New Pride in Pharmacy resources

Pharmacy teams have a crucial role in addressing the health inequalities faced by LGBTQ+* communities including barriers to accessing healthcare, experience of prejudice and discrimination, and poorer health outcomes.

January 2023

To support pharmacy teams, the LGBT Foundation has developedPride in Pharmacy, an interactive online resource.

Pride in Practice programme in healthcare - LGBT Foundation

The resource includes short modules which can be used for individual or team-based learning to develop knowledge and confidence around LGBTQ+ inclusivity in pharmacy.

While the Pride in Pharmacy resource focus on the legally protected characteristics of sexual orientation and gender reassignment (Equality Act 2010), many of the principles can be applied to other marginalised groups who experience health inequalities.

Luvjit Kandula, Director of Pharmacy Transformation at Greater Manchester Local Pharmaceutical Committee who helped to develop the Pride in Pharmacy resource said:

“We are proud to have collaborated with the LGBT Foundation to help Community Pharmacy teams to develop awareness of the challenges that LGBTQ+ communities face when accessing healthcare. The Pride in Pharmacy resource will help us to promote inclusive practice and adapt our services to meet the needs of individuals and this community.”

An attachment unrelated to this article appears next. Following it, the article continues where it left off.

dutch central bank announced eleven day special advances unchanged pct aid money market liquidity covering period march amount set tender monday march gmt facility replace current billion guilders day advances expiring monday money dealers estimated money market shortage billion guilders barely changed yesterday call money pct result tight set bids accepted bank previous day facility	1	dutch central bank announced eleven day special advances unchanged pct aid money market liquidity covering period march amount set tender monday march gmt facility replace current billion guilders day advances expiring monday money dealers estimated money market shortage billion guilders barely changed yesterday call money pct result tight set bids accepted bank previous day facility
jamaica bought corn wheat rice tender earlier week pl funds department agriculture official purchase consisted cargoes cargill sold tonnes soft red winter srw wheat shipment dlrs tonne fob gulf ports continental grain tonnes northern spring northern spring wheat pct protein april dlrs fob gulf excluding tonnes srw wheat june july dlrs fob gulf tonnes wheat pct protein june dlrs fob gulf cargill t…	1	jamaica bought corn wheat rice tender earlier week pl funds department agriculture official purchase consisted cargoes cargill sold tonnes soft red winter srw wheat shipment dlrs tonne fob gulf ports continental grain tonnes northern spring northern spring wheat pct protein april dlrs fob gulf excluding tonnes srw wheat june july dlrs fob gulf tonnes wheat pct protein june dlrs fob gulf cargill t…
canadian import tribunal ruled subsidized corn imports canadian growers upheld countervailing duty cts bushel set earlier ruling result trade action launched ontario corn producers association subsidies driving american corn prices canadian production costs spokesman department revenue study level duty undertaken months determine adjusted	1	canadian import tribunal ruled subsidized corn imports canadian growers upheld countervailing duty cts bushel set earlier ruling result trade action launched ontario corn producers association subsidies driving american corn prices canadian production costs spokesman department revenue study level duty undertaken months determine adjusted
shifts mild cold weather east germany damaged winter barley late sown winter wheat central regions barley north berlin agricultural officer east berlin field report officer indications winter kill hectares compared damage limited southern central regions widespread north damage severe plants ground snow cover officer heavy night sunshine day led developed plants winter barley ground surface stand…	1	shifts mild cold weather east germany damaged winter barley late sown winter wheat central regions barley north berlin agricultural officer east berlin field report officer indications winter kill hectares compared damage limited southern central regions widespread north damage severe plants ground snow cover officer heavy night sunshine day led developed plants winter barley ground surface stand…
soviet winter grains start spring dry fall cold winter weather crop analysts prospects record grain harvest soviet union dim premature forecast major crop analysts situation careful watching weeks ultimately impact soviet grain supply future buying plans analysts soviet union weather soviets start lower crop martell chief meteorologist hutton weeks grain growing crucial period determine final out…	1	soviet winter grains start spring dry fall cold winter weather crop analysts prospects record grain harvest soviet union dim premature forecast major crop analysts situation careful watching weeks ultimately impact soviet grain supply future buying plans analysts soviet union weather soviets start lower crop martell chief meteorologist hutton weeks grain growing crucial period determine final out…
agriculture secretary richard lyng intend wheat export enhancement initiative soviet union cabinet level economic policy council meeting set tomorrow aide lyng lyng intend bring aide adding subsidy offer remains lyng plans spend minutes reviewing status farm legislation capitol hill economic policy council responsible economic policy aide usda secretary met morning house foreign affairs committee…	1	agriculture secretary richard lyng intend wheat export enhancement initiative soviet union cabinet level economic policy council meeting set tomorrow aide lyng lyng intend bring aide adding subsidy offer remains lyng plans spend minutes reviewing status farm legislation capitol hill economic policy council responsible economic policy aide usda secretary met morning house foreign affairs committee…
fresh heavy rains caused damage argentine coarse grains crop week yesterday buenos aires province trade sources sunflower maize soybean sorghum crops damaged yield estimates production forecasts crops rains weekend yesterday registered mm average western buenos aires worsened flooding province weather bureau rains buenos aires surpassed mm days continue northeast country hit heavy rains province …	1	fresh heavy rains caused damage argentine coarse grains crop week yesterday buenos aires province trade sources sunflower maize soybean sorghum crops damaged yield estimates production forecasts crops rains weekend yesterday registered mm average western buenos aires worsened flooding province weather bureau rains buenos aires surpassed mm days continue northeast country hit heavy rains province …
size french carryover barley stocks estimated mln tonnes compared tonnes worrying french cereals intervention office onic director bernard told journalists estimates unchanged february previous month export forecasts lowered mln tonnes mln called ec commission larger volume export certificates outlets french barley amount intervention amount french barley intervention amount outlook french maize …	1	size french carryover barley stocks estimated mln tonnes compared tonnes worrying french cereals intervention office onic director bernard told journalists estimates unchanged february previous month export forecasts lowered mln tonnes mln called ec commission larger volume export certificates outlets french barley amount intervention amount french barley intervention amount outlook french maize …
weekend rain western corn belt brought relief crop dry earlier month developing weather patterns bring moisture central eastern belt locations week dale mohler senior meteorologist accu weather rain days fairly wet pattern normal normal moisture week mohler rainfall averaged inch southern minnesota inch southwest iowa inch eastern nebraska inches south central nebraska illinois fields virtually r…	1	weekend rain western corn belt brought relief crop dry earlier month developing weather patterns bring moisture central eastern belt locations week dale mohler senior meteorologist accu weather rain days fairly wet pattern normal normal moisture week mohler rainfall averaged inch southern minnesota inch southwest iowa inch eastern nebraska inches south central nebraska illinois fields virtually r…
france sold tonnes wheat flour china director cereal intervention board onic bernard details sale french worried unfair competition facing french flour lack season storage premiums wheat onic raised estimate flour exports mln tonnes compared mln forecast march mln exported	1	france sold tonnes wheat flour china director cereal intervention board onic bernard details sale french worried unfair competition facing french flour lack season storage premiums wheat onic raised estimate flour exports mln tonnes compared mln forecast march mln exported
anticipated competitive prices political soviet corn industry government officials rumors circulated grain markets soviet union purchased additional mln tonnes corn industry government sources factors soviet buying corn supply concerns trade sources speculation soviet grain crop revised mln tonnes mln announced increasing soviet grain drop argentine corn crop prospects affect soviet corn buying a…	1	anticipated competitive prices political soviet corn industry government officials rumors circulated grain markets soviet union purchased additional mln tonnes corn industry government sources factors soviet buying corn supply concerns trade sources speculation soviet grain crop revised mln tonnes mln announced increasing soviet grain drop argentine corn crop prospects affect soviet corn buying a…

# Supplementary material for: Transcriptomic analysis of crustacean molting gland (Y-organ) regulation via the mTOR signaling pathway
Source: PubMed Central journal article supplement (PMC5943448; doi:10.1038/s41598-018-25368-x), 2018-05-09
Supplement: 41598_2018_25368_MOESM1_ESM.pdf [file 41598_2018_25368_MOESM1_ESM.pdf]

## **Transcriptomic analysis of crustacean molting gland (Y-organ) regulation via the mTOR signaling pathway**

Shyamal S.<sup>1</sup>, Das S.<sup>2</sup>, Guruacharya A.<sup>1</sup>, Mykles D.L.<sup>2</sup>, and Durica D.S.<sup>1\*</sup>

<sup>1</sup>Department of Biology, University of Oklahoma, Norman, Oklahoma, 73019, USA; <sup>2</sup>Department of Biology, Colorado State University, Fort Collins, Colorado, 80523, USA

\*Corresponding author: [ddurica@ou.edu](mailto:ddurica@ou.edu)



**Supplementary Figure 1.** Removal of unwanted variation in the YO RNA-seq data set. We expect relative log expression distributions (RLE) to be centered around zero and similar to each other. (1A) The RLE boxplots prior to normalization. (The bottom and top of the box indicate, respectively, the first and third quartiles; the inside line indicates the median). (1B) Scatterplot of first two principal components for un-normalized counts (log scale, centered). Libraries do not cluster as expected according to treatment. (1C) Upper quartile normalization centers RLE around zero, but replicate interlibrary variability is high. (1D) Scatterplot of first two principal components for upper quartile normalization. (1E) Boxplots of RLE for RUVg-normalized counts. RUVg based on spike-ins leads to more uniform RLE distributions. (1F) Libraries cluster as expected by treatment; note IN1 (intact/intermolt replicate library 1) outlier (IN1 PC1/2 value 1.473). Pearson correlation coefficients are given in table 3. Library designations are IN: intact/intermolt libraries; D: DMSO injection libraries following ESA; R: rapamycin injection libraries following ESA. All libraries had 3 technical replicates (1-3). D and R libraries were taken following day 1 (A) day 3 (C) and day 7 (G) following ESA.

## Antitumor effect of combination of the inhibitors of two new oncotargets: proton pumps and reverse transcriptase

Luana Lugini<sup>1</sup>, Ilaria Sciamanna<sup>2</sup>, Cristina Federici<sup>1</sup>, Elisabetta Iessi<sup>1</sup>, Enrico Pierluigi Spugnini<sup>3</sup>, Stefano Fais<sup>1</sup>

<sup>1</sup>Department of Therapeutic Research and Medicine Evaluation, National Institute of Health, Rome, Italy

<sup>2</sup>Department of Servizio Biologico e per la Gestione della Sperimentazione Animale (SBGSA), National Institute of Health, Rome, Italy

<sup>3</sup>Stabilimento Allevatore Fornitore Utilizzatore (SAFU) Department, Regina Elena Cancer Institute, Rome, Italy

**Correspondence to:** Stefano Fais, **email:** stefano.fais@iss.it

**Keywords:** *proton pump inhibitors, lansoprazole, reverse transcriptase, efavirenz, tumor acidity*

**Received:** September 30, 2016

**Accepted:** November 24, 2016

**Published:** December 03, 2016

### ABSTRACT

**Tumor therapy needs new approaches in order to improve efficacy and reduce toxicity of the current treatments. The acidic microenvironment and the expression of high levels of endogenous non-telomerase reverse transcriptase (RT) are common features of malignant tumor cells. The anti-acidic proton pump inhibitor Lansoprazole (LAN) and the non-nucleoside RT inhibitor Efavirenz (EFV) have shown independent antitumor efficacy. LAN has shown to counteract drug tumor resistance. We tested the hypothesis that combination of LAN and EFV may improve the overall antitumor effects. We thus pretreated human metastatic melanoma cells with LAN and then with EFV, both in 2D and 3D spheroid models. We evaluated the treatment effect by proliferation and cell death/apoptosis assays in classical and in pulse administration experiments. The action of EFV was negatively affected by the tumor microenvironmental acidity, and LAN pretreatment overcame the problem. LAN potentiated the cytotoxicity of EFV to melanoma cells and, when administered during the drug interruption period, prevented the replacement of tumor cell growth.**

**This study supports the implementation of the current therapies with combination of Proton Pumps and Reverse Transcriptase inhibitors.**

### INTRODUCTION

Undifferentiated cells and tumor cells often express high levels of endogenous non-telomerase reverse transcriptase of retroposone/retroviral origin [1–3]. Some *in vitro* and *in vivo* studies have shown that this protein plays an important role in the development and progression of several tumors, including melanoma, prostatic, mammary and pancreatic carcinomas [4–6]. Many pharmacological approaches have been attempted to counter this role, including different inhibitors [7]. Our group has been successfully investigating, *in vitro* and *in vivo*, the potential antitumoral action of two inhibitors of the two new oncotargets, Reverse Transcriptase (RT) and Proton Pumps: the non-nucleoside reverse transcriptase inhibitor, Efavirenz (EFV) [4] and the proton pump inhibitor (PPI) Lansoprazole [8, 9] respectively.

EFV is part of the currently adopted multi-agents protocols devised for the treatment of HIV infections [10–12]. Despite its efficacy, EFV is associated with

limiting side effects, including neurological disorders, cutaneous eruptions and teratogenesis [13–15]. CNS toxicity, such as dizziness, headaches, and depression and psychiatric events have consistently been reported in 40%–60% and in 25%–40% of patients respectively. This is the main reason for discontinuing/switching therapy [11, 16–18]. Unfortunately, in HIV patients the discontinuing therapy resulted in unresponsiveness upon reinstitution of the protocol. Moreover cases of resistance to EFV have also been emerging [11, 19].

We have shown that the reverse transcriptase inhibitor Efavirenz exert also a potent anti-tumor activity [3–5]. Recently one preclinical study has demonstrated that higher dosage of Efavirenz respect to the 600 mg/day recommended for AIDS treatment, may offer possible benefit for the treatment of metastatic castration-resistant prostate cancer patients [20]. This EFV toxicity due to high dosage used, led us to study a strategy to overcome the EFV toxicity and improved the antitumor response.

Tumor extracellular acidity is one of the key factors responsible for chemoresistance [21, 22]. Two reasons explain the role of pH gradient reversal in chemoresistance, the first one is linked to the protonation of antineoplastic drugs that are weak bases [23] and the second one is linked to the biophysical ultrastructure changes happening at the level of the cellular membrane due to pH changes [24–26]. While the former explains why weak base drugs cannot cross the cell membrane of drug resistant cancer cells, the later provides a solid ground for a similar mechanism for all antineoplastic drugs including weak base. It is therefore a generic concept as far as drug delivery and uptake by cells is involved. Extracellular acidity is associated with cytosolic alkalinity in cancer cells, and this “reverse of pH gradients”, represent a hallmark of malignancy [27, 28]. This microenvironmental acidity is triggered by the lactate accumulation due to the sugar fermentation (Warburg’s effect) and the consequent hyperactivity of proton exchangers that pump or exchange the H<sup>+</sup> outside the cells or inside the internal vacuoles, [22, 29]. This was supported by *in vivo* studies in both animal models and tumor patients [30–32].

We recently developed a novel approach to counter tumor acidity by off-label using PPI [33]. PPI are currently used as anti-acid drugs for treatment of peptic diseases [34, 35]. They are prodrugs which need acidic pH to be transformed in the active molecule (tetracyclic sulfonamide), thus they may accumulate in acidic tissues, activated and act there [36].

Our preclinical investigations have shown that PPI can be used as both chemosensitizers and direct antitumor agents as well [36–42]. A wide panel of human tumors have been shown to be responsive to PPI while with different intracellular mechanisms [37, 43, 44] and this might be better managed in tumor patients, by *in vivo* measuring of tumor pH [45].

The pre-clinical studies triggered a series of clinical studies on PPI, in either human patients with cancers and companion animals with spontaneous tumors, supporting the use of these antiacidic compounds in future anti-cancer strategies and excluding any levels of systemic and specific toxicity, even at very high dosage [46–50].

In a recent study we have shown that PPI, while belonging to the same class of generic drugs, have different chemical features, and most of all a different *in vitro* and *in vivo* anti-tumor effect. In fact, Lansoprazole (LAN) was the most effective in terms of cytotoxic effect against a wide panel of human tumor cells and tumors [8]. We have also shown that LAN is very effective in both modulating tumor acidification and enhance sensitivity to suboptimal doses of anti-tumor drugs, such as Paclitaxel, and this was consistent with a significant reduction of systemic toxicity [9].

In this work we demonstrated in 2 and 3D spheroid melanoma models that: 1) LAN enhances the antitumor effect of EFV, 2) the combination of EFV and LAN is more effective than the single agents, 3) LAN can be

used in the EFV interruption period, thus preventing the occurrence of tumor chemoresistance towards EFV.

*We have used LGBTQ+ in this article as an umbrella term. LGBTQ stands for lesbian, gay, bisexual, trans, queer or questioning. The + sign indicates that other identities are included and welcomed. The Pride in Pharmacy resource explore further why language matters and includes a useful glossary.

Exploring the Pride in Pharmacy resource and the Standards for pharmacy professionals

A key theme in our Delivering equality, improving diversity and fostering inclusion: Our strategy for change 2021–26 is using our standards to proactively help tackle discrimination and to make sure everyone can access person-centred care, fostering equality of health outcomes.

During the consultation on our strategy, we held focus groups with patients and members of the public where we heard first-hand about the barriers to person-centred care they have experienced.

Focus group participants shared ideas and suggestions about how the GPhC and the pharmacy sector could do more to support person-centred care that recognises the diverse needs and cultural differences of the communities they serve. Key points included:

  • The importance of lived experiences and diverse patient stories, incorporating as many viewpoints as possible, especially those that may typically face unseen barriers
  • The need for professionals and regulators to understand and respond to the needs of the people and the communities they serve
  • The importance of intersectionality – pharmacists and pharmacy technicians should be thinking about how different aspects of someone’s identity come together to influence the way they should be treated